Haese quoted several clauses from the trust deed to validate its position. The most pertinent is paragraph, which states that debentures shall be redeemable on “any date on which the company elects with the receivers and the trustee’s written approval to redeem some or all of the debentures”.

Haese said “it is appreciated that the CIPC holds a different view but this is essentially a matter of differing legal opinion”.

She continued: “Even if the company’s view in regard to the due date for repayment of debentures is found to be incorrect, its view is nonetheless held bona vide [sic] and should not be conflated with recklessness, gross negligence or fraud.”

Haese also said Nova does not have to prove that debenture holders share this view, as the CIPC requested. “The terms of the debentures are objectively ascertainable. Those terms prevail whether the individual debenture holders understand that to be the case, or not.”

Former Sharemax shareholders mingle after a shareholders’ meeting. Image: Moneyweb

CIPC rejected Nova’s response

However, the CIPC rejected virtually all of Nova’s explanations and issued the second compliance notice in October. It was a CoR 139.1 notice which was issued in terms of Section 71 of the Companies Act.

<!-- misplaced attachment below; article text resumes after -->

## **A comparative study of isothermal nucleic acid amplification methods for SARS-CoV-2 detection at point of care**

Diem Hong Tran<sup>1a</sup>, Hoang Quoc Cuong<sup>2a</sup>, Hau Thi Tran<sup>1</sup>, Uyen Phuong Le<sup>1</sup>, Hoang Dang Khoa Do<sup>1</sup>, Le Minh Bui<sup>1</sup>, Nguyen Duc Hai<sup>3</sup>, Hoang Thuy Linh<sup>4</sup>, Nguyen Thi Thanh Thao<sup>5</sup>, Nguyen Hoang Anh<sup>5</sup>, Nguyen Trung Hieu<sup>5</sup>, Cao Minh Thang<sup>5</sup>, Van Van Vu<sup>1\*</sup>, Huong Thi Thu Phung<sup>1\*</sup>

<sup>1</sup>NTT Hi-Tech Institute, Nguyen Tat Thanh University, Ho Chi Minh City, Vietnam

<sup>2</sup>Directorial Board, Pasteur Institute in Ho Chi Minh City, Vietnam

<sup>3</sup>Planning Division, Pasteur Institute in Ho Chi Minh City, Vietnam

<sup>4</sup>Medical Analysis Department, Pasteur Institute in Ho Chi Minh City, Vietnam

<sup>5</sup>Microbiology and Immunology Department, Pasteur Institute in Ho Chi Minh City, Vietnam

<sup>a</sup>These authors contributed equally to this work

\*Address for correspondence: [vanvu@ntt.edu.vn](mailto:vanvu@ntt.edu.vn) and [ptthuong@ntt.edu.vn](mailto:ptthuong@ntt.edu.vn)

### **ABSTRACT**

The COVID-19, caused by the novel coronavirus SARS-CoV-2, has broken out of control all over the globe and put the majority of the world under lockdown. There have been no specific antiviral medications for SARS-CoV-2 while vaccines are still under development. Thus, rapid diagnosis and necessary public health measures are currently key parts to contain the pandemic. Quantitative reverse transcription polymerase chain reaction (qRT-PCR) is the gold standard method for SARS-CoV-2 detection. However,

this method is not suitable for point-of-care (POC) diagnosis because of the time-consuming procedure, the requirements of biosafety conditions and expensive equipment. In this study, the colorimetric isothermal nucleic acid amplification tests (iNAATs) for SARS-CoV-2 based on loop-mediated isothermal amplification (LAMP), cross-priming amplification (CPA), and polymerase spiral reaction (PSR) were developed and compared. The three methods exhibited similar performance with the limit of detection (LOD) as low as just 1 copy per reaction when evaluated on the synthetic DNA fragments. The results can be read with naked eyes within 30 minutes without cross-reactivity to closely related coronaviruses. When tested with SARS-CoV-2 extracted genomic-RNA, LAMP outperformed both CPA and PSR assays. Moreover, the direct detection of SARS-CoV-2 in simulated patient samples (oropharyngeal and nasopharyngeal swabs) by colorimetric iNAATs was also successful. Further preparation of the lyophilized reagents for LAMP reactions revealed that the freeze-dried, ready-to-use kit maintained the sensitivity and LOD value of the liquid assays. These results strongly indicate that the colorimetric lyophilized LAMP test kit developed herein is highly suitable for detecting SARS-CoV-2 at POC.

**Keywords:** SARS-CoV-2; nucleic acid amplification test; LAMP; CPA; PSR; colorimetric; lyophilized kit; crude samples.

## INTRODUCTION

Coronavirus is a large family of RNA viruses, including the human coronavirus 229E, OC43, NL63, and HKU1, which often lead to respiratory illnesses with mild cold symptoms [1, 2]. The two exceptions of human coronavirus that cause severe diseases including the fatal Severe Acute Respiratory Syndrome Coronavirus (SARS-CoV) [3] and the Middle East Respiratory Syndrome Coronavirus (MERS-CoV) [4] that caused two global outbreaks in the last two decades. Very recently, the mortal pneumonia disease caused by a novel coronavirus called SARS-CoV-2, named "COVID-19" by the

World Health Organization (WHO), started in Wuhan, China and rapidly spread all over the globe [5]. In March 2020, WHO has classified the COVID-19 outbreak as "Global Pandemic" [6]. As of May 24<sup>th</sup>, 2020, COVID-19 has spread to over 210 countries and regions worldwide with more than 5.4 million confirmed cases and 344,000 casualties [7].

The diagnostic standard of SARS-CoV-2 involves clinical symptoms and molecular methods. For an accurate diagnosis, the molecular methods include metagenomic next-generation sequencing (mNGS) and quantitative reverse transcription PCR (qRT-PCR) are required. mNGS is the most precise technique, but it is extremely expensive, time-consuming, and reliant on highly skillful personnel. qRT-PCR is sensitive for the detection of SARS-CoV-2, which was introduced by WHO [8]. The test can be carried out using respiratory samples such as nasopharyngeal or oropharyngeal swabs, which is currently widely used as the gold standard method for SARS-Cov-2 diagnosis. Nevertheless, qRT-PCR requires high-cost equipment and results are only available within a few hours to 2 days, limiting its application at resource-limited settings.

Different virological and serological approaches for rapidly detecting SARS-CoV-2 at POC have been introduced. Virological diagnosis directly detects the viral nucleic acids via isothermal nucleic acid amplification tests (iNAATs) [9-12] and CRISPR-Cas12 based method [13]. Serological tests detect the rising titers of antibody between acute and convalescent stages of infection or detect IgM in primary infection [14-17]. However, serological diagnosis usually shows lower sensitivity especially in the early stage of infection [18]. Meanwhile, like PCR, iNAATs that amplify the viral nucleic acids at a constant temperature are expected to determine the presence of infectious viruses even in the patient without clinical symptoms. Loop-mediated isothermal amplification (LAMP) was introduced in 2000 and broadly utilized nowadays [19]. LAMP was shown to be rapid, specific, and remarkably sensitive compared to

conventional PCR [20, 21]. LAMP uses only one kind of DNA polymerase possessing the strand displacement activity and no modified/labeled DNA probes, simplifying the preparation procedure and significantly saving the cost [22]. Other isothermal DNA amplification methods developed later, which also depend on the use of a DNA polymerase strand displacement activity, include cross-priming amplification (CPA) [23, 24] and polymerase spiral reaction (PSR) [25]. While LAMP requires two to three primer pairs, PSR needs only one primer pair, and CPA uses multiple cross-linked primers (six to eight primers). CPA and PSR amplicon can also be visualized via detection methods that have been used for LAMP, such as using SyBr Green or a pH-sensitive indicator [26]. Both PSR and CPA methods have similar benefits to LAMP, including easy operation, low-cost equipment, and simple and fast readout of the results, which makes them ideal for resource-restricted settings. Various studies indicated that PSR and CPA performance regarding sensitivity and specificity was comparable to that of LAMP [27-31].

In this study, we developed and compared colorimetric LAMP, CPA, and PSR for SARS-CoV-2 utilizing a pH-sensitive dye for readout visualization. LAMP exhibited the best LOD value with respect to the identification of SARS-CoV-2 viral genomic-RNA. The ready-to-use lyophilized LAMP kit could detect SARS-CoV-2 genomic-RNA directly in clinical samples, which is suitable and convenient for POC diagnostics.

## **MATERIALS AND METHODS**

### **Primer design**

Cuma Zwane, an investigator for corporate disclosure and compliance regulation at the CIPC, stated in an inspector’s report that there are discrepancies in Nova’s disclosure of the conditions tied to the debentures.

In April 2021, Nova sent a communique to debenture holders in which it said that although the “board has the discretion to postpone the payment of Debentures, beyond the projected 10-year Scheme of Arrangement period, the Board, in February 2021, made the decision to commence Debenture payment during 2021”.